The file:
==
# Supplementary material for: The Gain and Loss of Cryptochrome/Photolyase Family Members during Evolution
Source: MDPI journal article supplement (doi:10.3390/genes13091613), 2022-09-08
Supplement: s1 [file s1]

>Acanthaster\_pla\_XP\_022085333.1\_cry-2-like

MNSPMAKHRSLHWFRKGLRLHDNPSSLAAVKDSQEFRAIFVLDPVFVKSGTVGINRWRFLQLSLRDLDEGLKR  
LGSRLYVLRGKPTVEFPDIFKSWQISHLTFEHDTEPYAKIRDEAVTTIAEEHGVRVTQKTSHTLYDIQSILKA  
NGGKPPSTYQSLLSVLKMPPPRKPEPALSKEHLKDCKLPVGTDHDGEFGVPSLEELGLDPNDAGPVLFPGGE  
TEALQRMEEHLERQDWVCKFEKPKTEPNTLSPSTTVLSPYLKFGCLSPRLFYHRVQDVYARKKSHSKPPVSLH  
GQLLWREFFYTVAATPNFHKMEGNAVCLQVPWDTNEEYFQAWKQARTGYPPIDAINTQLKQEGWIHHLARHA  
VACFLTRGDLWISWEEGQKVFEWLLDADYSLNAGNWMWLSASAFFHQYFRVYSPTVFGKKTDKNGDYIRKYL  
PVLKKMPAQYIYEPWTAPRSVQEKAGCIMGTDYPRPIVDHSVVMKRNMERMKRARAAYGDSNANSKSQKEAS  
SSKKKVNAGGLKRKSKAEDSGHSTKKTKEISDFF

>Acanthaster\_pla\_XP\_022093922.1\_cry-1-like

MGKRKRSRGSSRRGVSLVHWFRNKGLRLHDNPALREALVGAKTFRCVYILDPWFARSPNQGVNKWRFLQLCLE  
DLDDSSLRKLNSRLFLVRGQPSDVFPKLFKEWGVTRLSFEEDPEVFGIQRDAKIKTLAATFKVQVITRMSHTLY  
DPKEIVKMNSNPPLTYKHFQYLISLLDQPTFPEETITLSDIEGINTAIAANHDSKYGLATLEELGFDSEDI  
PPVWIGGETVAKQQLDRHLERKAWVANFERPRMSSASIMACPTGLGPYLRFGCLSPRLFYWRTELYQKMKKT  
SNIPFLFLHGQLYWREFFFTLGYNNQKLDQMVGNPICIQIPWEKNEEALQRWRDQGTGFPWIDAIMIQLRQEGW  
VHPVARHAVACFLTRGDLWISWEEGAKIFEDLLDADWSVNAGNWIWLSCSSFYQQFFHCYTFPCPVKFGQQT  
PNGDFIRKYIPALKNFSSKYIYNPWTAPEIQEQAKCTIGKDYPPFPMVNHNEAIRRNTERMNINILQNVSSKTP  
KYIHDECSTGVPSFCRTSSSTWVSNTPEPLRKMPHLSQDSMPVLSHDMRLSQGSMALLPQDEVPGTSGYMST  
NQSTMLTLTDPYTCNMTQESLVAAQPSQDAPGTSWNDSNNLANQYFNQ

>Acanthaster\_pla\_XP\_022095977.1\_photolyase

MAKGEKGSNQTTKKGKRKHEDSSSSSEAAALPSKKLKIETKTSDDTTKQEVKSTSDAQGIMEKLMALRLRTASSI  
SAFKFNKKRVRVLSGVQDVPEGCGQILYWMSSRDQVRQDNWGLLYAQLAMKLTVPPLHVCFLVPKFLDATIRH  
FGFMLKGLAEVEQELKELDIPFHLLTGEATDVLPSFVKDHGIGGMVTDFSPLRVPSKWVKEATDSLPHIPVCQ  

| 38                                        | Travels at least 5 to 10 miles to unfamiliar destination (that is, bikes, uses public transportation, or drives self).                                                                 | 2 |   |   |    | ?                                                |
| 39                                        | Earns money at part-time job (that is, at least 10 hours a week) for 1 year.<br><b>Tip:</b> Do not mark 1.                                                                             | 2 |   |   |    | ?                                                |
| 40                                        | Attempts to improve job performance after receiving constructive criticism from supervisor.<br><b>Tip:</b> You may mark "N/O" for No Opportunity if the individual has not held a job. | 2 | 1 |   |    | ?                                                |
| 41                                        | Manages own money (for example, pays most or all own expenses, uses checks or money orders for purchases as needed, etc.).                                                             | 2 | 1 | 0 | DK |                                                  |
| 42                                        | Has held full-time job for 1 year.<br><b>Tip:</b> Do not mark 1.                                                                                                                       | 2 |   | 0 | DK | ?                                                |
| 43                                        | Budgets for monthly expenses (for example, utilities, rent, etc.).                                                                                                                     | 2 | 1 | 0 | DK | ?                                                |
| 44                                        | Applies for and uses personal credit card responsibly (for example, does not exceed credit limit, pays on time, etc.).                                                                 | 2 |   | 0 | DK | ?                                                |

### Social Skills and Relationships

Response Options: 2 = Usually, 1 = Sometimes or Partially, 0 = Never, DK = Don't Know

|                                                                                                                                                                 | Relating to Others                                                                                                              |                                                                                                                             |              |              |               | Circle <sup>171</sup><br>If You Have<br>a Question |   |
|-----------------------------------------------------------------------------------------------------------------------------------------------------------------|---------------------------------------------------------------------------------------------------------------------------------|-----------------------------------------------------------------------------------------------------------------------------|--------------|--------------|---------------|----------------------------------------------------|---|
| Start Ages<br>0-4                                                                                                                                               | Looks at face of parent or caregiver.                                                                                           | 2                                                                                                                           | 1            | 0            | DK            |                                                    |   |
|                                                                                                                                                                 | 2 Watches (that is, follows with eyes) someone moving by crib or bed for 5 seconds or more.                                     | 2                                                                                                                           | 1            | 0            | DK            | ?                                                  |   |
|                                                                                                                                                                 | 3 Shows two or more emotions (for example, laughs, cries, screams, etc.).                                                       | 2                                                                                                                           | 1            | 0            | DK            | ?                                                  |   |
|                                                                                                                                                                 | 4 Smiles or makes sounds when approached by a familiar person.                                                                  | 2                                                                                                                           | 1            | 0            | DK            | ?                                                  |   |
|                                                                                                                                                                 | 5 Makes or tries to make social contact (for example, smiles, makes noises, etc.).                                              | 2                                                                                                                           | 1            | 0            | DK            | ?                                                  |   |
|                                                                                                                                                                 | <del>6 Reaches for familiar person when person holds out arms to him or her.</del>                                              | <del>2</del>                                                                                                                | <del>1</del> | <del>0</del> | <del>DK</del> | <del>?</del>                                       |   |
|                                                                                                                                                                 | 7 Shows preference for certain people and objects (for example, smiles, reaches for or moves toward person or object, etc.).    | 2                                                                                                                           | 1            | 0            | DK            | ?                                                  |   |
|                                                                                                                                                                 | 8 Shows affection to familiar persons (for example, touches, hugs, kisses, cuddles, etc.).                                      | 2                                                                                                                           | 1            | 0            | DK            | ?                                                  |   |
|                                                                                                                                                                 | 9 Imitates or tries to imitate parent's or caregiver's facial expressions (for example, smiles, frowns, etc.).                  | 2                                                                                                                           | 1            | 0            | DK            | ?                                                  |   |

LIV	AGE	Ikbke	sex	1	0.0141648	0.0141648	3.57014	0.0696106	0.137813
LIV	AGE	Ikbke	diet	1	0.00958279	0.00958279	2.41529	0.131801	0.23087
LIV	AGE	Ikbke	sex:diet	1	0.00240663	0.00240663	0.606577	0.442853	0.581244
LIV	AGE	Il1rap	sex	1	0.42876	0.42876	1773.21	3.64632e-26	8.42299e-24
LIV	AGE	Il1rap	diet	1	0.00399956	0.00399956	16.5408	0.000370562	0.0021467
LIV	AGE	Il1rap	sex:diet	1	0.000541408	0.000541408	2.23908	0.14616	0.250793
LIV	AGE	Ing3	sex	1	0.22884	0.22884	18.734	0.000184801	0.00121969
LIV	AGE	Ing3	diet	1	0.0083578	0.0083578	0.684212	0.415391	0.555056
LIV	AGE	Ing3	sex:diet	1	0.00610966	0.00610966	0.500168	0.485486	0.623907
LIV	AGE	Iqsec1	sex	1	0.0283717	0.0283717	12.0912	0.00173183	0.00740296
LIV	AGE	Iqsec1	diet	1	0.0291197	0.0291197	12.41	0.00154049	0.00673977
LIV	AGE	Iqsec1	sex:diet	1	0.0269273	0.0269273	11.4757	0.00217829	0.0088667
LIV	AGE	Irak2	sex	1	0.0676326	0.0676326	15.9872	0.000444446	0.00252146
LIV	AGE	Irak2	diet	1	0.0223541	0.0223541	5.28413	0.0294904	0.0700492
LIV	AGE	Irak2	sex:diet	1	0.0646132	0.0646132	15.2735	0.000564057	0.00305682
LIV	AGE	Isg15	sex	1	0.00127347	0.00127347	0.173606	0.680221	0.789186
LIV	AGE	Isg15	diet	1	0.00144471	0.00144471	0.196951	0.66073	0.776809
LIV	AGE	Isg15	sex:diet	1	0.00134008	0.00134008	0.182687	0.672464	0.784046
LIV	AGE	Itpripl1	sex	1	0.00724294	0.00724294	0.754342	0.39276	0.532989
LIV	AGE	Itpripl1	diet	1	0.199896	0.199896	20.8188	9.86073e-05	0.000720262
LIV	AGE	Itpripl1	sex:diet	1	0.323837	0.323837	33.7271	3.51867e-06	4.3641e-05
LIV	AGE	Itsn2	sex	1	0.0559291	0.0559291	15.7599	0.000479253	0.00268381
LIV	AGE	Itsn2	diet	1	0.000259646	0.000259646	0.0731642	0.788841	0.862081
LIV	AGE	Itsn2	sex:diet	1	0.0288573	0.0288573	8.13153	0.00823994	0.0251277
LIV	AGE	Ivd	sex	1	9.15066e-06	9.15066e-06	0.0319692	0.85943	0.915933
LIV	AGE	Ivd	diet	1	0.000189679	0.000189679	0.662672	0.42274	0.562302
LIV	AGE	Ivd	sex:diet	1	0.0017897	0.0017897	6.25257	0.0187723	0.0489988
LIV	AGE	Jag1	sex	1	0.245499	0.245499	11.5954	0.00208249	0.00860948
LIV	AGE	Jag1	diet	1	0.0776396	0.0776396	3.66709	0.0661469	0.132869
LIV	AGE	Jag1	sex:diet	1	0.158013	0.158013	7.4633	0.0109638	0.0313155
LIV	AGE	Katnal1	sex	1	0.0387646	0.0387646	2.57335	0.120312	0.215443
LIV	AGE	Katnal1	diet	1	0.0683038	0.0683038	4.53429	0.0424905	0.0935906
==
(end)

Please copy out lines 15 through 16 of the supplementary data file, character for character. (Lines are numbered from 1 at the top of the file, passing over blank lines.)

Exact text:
DLDDSSLRKLNSRLFLVRGQPSDVFPKLFKEWGVTRLSFEEDPEVFGIQRDAKIKTLAATFKVQVITRMSHTLY  
DPKEIVKMNSNPPLTYKHFQYLISLLDQPTFPEETITLSDIEGINTAIAANHDSKYGLATLEELGFDSEDI  